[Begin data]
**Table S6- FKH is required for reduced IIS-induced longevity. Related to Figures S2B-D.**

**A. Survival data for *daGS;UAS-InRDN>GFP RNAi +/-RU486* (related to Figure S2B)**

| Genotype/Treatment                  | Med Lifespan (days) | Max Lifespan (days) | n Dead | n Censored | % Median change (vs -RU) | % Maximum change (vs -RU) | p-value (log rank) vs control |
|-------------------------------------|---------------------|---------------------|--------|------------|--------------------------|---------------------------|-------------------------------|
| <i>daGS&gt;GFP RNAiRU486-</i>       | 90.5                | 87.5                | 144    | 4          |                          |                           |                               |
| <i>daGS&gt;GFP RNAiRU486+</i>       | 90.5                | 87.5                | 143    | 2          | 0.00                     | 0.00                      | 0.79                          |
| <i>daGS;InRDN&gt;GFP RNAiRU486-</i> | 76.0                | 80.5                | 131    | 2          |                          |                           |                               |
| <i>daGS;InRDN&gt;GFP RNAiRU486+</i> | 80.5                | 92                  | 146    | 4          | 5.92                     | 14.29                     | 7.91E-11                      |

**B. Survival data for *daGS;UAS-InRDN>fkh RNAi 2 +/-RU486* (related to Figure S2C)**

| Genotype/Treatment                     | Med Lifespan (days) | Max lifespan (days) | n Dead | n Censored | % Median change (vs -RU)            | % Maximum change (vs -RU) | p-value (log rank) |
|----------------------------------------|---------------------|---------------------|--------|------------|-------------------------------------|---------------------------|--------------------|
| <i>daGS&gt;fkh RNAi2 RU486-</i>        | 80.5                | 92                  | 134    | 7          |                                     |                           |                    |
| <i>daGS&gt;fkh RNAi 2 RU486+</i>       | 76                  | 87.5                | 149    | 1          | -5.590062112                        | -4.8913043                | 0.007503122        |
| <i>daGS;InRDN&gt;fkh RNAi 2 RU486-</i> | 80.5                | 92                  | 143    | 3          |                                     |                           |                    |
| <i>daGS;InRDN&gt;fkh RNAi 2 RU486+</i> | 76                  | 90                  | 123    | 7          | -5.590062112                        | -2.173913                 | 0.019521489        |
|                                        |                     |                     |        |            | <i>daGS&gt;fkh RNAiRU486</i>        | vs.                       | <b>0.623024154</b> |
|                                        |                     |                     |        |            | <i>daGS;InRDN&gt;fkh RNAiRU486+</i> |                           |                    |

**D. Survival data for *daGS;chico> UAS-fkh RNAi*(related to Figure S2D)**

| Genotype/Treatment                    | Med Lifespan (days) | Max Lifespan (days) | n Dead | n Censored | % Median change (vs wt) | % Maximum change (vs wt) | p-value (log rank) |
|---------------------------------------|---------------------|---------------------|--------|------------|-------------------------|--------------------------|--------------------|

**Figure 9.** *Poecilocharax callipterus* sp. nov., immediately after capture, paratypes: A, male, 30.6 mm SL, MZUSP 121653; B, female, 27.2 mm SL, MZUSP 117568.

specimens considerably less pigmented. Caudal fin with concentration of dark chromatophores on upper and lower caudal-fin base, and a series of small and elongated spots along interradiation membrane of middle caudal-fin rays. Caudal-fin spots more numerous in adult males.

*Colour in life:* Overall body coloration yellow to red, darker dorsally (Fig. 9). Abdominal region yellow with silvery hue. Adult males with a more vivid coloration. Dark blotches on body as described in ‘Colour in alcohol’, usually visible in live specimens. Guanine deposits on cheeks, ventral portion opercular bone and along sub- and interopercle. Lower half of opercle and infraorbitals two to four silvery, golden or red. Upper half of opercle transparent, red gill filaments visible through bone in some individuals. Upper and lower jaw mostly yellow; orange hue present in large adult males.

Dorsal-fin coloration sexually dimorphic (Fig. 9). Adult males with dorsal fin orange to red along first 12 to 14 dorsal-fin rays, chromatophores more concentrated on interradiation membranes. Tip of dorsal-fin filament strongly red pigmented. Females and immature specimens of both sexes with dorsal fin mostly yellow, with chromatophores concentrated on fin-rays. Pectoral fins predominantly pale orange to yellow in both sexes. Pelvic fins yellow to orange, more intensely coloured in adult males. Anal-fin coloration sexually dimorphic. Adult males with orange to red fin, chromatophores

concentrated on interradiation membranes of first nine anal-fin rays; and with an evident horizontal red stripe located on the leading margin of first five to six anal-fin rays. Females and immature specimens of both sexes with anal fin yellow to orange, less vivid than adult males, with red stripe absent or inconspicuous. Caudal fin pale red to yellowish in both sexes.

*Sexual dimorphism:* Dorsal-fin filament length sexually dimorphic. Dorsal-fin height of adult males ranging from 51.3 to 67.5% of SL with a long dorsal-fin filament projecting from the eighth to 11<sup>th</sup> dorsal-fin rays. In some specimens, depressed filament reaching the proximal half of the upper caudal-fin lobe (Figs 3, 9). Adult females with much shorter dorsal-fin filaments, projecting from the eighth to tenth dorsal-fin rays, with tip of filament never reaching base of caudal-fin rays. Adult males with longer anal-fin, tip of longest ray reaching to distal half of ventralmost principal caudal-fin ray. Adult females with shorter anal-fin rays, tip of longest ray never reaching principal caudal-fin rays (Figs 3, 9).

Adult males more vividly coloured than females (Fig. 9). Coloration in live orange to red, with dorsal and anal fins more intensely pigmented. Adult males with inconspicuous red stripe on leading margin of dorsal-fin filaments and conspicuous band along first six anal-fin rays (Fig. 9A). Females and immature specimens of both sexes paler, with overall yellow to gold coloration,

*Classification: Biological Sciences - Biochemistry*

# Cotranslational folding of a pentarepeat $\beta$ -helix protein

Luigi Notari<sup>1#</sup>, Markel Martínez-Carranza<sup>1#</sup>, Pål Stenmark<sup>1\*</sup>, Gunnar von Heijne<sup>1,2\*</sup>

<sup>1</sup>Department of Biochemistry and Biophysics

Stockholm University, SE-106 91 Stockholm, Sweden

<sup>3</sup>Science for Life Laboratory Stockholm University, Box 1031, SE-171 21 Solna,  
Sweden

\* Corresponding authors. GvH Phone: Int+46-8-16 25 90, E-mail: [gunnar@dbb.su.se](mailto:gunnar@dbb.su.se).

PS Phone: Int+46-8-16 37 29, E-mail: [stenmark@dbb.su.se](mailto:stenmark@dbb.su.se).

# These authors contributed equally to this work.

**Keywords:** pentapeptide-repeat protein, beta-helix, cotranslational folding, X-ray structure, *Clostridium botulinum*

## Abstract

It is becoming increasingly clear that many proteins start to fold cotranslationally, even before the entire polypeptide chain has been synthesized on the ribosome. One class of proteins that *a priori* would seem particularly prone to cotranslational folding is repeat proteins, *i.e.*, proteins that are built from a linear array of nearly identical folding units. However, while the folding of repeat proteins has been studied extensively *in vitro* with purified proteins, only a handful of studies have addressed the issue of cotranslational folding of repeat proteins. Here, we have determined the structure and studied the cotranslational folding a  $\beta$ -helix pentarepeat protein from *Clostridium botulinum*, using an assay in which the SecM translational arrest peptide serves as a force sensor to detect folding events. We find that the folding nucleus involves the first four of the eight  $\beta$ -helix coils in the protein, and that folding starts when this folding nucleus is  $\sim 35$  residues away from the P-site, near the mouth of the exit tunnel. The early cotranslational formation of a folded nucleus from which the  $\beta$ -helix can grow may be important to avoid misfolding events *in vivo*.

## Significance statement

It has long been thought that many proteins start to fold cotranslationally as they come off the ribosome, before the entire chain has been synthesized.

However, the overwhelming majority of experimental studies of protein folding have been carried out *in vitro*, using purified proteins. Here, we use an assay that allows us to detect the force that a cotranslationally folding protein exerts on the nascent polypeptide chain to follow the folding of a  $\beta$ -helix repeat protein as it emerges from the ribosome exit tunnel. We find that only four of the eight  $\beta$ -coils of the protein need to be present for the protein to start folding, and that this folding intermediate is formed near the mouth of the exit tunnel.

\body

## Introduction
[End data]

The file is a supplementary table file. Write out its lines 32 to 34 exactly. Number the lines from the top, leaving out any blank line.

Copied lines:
Stockholm University, SE-106 91 Stockholm, Sweden

<sup>3</sup>Science for Life Laboratory Stockholm University, Box 1031, SE-171 21 Solna,  
Sweden